Venture investors keep the purse strings tight

Third-quarter numbers show that biopharma venture investments are firmly back in 2018 territory.

The IPO window is all but shut, equity markets are jumpy and global interest rates are climbing. Little wonder that venture investors are treading carefully when it comes to biotech, surely the highest-risk sector out there. 

Third-quarter numbers collated by Evaluate Pharma show that the retrenchment that started earlier this year is continuing. Biopharma groups raised $3.6bn from July to September, around a three-year low. Big rounds are still happening, however, suggesting that the gulf between the haves and the have-nots is widening. 

These data refer to pure-play drug developers only, with sectors like digital health and medtech excluded.

The absence of crossover rounds – substantial fundraisings intended to shore up a company’s balance sheet before an IPO – will be a big reason for the topline drop-off here. But the make-up of some of these larger rounds suggests that venture and other investors intend to start flipping developers on the market as soon as they can.

Acelyrin, for example, feels like prime IPO material. The group banked the quarter’s largest round, with a broad syndicate of big-name investors behind it. This deal followed a large $250m series B in 2021. The funds are ostensibly intended to pay for pivotal programmes of the group’s IL-17A inhibitor izokibep, in psoriatic arthritis and axial spondyloarthritis, and submission with the FDA.

Top five rounds of Q3 2022
Company Investment ($m) Financing round Description 
Acelyrin 300 Series C Immunology
Orna Therapeutics 221 Series B Circular RNA therapeutics
Arsenalbio 220 Series B Car-T therapies for solid tumours
Retro Biosciences 180 Seed capital Age-related diseases
Carmot Therapeutics 160 Series D Oncology and metabolic diseases
Source: Evaluate Pharma. 

Carmot is another interesting name in the top table. The developer has been around for a lot longer than the others in the top five, having been founded in 2008; none of the other four existed before 2019.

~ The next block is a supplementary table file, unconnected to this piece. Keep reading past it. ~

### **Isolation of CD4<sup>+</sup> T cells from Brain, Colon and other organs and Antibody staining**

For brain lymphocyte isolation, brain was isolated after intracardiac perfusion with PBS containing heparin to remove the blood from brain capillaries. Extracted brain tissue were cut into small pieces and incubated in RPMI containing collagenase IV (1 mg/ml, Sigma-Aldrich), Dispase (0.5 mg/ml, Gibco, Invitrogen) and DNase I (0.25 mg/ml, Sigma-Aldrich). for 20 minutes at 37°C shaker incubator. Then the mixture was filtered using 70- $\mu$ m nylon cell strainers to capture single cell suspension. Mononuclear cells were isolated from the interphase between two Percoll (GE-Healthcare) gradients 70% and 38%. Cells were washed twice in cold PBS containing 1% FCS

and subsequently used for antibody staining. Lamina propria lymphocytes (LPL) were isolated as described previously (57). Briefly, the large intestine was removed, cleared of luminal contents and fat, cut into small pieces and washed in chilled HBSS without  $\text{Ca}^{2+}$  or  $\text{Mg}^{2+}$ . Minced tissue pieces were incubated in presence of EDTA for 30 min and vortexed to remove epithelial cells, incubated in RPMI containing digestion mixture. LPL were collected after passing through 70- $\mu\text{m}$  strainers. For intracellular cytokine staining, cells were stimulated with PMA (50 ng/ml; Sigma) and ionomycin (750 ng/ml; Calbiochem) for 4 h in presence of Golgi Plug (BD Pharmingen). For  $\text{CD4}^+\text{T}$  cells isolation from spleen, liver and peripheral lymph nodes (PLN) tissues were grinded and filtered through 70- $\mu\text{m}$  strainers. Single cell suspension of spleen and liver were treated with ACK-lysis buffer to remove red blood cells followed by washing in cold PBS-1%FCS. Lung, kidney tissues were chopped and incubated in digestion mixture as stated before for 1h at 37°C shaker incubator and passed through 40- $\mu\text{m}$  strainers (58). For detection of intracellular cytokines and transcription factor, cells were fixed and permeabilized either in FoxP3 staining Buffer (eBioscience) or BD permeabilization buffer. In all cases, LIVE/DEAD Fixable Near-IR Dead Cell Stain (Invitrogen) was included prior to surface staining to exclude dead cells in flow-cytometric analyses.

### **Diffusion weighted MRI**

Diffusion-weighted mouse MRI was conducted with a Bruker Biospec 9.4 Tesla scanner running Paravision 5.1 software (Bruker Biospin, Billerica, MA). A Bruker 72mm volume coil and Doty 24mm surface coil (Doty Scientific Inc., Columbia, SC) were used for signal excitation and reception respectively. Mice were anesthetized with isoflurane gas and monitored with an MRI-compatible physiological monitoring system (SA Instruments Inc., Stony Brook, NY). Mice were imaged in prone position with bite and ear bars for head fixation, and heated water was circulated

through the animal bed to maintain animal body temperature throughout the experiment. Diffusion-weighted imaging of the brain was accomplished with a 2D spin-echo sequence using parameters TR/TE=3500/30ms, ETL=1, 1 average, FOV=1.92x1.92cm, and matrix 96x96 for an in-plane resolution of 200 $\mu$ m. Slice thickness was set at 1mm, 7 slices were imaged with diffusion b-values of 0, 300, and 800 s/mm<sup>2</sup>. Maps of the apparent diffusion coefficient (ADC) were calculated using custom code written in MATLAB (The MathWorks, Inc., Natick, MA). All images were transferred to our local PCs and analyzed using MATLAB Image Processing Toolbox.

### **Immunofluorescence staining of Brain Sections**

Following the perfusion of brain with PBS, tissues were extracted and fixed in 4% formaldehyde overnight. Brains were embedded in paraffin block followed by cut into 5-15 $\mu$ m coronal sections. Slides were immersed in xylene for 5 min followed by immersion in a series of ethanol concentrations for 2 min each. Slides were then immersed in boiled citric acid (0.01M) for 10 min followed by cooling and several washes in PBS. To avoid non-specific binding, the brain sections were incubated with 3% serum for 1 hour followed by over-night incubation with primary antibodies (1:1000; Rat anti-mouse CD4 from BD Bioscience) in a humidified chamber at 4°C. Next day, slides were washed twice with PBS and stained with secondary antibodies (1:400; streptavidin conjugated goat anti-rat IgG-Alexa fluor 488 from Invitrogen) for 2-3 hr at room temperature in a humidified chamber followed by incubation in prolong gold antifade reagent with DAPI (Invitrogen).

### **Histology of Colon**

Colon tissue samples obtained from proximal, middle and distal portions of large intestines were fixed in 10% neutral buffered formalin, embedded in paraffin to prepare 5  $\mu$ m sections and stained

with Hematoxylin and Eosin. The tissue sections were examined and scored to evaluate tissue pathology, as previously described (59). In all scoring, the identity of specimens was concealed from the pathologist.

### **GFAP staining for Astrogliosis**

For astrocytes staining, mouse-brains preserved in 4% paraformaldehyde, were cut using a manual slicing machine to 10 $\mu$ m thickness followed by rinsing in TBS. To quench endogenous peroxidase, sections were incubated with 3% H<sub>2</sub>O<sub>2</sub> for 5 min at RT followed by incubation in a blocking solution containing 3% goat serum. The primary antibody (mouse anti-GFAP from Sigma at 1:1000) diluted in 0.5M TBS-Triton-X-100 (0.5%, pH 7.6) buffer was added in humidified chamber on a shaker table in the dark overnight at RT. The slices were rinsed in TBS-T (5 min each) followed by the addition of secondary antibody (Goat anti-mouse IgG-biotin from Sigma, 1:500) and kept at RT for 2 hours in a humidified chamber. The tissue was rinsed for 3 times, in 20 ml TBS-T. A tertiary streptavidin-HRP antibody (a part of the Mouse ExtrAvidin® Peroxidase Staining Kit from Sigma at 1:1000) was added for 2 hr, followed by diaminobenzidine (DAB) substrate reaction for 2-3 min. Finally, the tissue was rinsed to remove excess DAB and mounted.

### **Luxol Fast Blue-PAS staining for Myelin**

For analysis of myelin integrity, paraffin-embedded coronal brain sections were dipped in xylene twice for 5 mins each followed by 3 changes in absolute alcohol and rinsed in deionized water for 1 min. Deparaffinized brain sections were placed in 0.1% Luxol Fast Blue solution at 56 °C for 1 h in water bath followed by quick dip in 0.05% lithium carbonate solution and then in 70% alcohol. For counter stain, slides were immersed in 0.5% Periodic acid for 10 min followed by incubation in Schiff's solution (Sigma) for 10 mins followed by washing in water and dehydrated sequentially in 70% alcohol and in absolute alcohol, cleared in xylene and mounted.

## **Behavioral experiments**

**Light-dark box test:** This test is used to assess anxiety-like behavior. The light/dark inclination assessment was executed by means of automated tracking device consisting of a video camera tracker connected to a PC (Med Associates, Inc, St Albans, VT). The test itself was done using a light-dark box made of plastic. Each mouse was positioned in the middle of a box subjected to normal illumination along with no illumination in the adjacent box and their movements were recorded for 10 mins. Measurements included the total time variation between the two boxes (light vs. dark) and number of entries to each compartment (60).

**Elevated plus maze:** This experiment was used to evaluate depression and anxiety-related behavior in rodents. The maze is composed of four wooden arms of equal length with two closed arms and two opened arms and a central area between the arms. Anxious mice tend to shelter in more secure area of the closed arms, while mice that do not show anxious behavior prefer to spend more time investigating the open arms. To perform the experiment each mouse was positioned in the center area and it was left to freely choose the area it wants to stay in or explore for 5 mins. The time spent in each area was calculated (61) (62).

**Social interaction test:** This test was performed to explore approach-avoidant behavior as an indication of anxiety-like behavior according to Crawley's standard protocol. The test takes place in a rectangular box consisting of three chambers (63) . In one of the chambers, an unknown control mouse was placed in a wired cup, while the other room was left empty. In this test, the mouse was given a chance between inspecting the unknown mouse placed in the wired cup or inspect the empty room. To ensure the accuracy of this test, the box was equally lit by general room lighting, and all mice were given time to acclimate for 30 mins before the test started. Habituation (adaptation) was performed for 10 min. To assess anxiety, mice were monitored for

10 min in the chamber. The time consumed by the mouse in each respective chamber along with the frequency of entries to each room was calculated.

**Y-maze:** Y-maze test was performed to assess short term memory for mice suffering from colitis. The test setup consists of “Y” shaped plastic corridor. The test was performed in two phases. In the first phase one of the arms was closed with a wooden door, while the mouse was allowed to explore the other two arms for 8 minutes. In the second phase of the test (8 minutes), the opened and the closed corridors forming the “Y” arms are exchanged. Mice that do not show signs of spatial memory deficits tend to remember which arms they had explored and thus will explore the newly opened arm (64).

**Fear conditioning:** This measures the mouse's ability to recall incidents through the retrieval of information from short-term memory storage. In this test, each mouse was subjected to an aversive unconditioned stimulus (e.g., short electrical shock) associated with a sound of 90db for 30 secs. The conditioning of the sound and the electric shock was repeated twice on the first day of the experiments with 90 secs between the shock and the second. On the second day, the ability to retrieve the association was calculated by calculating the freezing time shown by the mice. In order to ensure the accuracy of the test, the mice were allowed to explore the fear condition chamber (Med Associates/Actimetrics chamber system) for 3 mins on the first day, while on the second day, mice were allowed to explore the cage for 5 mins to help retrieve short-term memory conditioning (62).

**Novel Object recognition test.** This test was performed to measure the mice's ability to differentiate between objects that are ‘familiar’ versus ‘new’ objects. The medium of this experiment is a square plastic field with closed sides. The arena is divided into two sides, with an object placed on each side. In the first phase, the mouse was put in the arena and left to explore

Carmot’s claim to fame is that it helped Amgen discover Lumakras, under a collaboration that started back in 2014. The small biotech is owed royalties on sales of the drug, a Kras G12C inhibitor. Carmot’s primary focus is metabolic disease, however; a big chunk of the new funds will be used to complete mid-stage trials of CT-388, a dual GLP-1/GIP inhibitor.

This is the same mechanism as that of Lilly’s newly approved Mounjaro, which is forecast to become a huge blockbuster in obesity and type 2 diabetes. Carmot says CT-388 has been optimised for improved tolerability and once-weekly dosing; the group’s new investors apparently believe that this profile has big potential.

For companies that do not tick enough boxes for venture investors, however, the situation is likely to be very different right now. Financiers are well aware that their existing portfolio companies are going to need support for longer in the current market, so the bar to sending money down new roads is going to be extremely high.

Venture players point out that the money flowing into early-stage biopharma remains historically high, and this might be true. But a flight to safety is surely under way.

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